By probability, alternative and creative inclination, Bartees Strange has been a lifelong outlier — a place his songs grapple with, exult in and always query on his second studio album, “Farm to Table.”
His father served in the Air Force, typically abroad, and Bartees Leon Cox Jr. was born in England and lived in Greenland and Germany, amongst different locations, earlier than his household settled in Mustang, Okla. He sang in church choirs together with his mom, who additionally carried out opera, and he began producing music in a selfmade studio in his teenagers. He started releasing songs on SoundCloud a decade ago, and he performed in hardcore bands in Washington, D.C. and in the self-described “post-hardcore” Brooklyn band Stay Inside.
Instead of following a Black musician’s stereotyped path into hip-hop or R&B — although he attracts on each — Strange, now 33, discovered his personal voice in indie-rock, adopting the churning guitars and destabilizing synthesizers of bands like TV on the Radio, Bloc Party, Radiohead and the Cure. Most of the tracks on his debut EP as Bartees Strange, “Say Goodbye to Pretty Boy,” which was launched in March 2020 simply as pandemic restrictions started, have been moody, risky, radically reworked variations of songs by the long-running indie-rock band the National.
Forging an indie-rock profession is an uncharted, self-conscious path at one of the best of occasions, navigating revelation and obfuscation, rawness and craftsmanship, instincts and business aims. “I could give the pain for the bankroll,” Strange sang in “In a Cab,” on his debut album, “Live Forever,” launched in October 2020. Anything however tentative, “Live Forever” launched Strange in all his multiplicity. He constructed hurtling rockers (“Boomer”) and pulsating digital beats (“Flagey God”); he examined craving and rage, confessions and innovations. “I lie for a living now/that’s why I can’t really tell you stuff,” he sang in “Mustang,” named after his longtime hometown.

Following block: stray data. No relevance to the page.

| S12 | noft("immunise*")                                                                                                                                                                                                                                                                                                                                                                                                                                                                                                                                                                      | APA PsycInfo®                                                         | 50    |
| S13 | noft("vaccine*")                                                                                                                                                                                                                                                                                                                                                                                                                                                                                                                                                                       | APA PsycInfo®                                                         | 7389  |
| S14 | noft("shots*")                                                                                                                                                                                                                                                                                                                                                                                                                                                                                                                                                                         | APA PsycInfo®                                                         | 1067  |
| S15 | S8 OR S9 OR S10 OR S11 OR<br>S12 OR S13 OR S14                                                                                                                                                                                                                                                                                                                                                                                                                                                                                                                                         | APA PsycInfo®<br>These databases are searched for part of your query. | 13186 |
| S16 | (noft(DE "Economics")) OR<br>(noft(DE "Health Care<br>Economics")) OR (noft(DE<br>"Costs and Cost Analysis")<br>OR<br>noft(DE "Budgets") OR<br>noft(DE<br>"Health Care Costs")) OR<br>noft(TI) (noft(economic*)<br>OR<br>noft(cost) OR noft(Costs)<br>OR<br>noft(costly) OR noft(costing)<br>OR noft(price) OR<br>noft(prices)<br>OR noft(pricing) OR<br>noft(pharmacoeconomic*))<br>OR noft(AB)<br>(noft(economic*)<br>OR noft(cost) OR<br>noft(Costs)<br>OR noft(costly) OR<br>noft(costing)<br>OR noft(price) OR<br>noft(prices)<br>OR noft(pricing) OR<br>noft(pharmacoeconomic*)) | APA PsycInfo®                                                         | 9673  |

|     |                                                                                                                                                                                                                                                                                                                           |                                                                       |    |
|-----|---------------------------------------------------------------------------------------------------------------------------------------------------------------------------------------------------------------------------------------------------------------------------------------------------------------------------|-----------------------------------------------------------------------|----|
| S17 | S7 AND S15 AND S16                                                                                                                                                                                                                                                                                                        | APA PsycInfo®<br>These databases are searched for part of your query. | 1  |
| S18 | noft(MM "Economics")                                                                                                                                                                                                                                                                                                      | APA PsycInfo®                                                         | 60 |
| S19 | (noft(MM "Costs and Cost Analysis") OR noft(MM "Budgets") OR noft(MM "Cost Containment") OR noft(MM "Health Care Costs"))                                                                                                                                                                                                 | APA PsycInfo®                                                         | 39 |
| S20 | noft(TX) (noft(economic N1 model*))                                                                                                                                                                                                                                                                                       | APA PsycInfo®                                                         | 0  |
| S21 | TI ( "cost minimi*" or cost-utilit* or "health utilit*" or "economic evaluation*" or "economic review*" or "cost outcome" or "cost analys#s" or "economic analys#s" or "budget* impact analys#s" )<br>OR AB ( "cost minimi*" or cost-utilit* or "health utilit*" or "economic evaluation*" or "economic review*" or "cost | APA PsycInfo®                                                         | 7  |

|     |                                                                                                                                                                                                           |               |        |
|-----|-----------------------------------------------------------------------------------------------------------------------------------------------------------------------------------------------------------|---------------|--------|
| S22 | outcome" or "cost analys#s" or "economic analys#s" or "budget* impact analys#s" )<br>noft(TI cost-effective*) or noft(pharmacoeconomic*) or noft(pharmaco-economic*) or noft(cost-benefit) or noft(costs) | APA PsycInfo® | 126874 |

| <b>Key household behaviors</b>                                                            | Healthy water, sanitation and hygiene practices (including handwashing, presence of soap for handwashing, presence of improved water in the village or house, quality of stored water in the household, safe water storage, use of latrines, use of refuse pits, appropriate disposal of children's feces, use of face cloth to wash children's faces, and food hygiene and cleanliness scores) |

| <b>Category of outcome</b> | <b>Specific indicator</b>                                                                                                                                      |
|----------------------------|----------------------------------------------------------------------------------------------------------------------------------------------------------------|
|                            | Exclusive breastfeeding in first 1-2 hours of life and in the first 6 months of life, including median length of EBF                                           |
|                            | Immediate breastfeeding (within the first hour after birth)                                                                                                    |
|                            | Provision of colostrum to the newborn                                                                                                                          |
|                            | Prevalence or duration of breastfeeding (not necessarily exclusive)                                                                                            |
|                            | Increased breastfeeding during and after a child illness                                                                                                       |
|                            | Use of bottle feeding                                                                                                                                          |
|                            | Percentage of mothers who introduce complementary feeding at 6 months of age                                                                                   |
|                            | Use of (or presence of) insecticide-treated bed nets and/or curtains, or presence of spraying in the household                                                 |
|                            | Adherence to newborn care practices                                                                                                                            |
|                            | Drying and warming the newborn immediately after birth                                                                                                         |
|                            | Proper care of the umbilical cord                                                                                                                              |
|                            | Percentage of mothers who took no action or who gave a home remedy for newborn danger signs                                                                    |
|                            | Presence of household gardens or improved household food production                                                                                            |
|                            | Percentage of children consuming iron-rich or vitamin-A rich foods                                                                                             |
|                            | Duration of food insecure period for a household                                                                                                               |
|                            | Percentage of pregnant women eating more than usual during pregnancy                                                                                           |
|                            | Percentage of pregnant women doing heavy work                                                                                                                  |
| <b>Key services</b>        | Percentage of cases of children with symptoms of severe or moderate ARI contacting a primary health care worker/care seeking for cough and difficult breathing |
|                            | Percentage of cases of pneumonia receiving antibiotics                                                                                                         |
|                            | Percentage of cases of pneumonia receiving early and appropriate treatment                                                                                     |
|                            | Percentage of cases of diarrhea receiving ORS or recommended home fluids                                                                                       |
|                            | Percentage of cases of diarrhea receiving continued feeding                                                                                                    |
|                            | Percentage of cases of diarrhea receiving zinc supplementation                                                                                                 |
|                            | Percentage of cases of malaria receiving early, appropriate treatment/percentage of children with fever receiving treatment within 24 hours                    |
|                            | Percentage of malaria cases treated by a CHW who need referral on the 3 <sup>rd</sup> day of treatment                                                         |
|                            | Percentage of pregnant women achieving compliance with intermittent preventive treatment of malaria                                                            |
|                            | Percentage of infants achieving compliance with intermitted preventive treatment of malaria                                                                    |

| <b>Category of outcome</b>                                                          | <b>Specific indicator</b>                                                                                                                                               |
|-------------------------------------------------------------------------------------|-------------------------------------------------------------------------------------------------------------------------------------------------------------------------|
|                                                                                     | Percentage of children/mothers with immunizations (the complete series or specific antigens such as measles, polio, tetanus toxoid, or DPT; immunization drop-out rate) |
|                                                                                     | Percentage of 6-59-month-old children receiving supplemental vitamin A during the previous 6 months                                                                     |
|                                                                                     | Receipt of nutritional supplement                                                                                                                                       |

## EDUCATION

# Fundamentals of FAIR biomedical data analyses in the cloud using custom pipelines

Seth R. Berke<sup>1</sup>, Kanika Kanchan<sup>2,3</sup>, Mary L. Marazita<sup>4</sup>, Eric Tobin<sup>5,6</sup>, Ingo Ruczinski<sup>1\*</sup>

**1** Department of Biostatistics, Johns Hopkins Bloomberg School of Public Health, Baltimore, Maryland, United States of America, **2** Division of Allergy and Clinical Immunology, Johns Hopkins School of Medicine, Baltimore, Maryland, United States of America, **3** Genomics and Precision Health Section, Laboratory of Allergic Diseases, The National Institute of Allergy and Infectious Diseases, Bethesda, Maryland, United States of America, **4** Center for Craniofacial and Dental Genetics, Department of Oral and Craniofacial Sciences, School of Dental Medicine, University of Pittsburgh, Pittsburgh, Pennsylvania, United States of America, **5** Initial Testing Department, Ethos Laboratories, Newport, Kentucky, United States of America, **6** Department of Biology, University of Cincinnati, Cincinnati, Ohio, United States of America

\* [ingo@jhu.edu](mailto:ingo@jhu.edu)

The pandemic delayed an indie-rocker’s normal subsequent step: touring. But by the point concert events resumed, “Live Forever” had been embraced by listeners and fellow musicians. Strange performed opening slots for Phoebe Bridgers, Lucy Dacus, Courtney Barnett and the National; he recorded a fervid band efficiency that was launched in 2021 as “Live at Studio 4”; he did remixes and visitor appearances with Bridgers, Illuminati Hotties and others.
“Farm to Table” displays all of the conflicting emotions of private success throughout dire occasions. “There’s reasons for heavy hearts/This past year I thought I was broken,” Strange sings in “Heavy Heart,” because the album begins. But the music evolves from lament to gallop, with guitars pealing and piling on as Strange glances by means of a whirlwind 12 months: journey, loneliness, somebody’s loss of life, a romance, rising up: “Some nights I feel just like my dad/Rushing around,” he sings, troubled but surging forward.
His previous additionally looms in “Tours,” as Strange picks an acoustic guitar and juxtaposes fragmented childhood reminiscences of navy postings and household separations — “Where is Kuwait? Is that in the States?” — together with his personal life on the street. Not that he’s complaining an excessive amount of; in “Cosigns,” he flaunts and marvels at his ascending profession, name-checking his tour mates, however he additionally worries over his personal rising expectations. The observe opens with bleary synthesizers and mock-casual rapping, then gathers echoing guitars and a heftier beat till Strange is belting, “Hungry as ever/there’s never enough!”
The album’s most richly transferring music is “Hold the Line,” an elegy for George Floyd that he recorded in October 2020. “What happened to the man with that big ol’ smile/He’s calling to his mother now,” Strange sings with tender desolation, answered by a keening slide guitar; later, he imagines himself in Floyd’s place.
Nothing goes unmixed in Strange’s songs. His productions metamorphose as they unfold, restlessly shifting amongst idioms; his lyrics refuse straightforward comforts. In “Mulholland Dr.,” he units up a skein of guitar patterns like a latter-day Laurel Canyon manufacturing, gleaming prettily at the same time as he sings about misgivings and mortality: “I’ve seen how we die/I know how we lose.” And in “Wretched,” he’s desperately lacking somebody, feeling misplaced and deserted, blurting out that “My life feels wrong without you.” But the music carries him, a spiraling crescendo with guitars and synthesizer swells, kicking right into a four-on-the-floor beat, pumping towards a last realization: “Sometimes it’s hard, but you know I’m thankful.”
“Farm to Table”